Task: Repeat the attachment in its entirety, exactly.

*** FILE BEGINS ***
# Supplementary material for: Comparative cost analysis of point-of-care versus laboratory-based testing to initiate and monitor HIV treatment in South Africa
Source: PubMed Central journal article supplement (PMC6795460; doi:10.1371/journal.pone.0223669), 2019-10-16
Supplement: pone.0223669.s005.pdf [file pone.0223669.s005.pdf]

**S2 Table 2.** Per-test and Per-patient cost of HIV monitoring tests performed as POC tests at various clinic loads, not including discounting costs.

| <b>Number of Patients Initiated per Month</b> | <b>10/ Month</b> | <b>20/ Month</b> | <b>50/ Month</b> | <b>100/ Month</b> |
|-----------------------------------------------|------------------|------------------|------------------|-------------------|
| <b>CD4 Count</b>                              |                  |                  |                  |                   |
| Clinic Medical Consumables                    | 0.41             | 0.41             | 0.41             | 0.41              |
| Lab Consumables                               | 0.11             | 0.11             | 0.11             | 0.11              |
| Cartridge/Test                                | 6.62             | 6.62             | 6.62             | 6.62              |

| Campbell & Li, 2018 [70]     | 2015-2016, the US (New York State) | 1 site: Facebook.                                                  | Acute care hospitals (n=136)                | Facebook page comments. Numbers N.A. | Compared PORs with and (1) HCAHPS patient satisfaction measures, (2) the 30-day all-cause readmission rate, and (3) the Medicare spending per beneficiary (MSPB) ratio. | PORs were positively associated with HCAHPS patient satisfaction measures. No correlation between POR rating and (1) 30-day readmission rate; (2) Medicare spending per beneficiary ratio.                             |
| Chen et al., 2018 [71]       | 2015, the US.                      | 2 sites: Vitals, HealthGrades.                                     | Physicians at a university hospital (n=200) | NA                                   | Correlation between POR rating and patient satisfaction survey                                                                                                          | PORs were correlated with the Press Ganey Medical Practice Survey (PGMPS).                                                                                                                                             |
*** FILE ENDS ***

# Supplementary material for: Comparative cost analysis of point-of-care versus laboratory-based testing to initiate and monitor HIV treatment in South Africa
Source: PubMed Central journal article supplement (PMC6795460; doi:10.1371/journal.pone.0223669), 2019-10-16
Supplement: pone.0223669.s005.pdf [file pone.0223669.s005.pdf]

**S2 Table 2.** Per-test and Per-patient cost of HIV monitoring tests performed as POC tests at various clinic loads, not including discounting costs.

| <b>Number of Patients Initiated per Month</b> | <b>10/ Month</b> | <b>20/ Month</b> | <b>50/ Month</b> | <b>100/ Month</b> |
|-----------------------------------------------|------------------|------------------|------------------|-------------------|
| <b>CD4 Count</b>                              |                  |                  |                  |                   |
| Clinic Medical Consumables                    | 0.41             | 0.41             | 0.41             | 0.41              |
| Lab Consumables                               | 0.11             | 0.11             | 0.11             | 0.11              |
| Cartridge/Test                                | 6.62             | 6.62             | 6.62             | 6.62              |

| Campbell & Li, 2018 [70]     | 2015-2016, the US (New York State) | 1 site: Facebook.                                                  | Acute care hospitals (n=136)                | Facebook page comments. Numbers N.A. | Compared PORs with and (1) HCAHPS patient satisfaction measures, (2) the 30-day all-cause readmission rate, and (3) the Medicare spending per beneficiary (MSPB) ratio. | PORs were positively associated with HCAHPS patient satisfaction measures. No correlation between POR rating and (1) 30-day readmission rate; (2) Medicare spending per beneficiary ratio.                             |
| Chen et al., 2018 [71]       | 2015, the US.                      | 2 sites: Vitals, HealthGrades.                                     | Physicians at a university hospital (n=200) | NA                                   | Correlation between POR rating and patient satisfaction survey                                                                                                          | PORs were correlated with the Press Ganey Medical Practice Survey (PGMPS).                                                                                                                                             |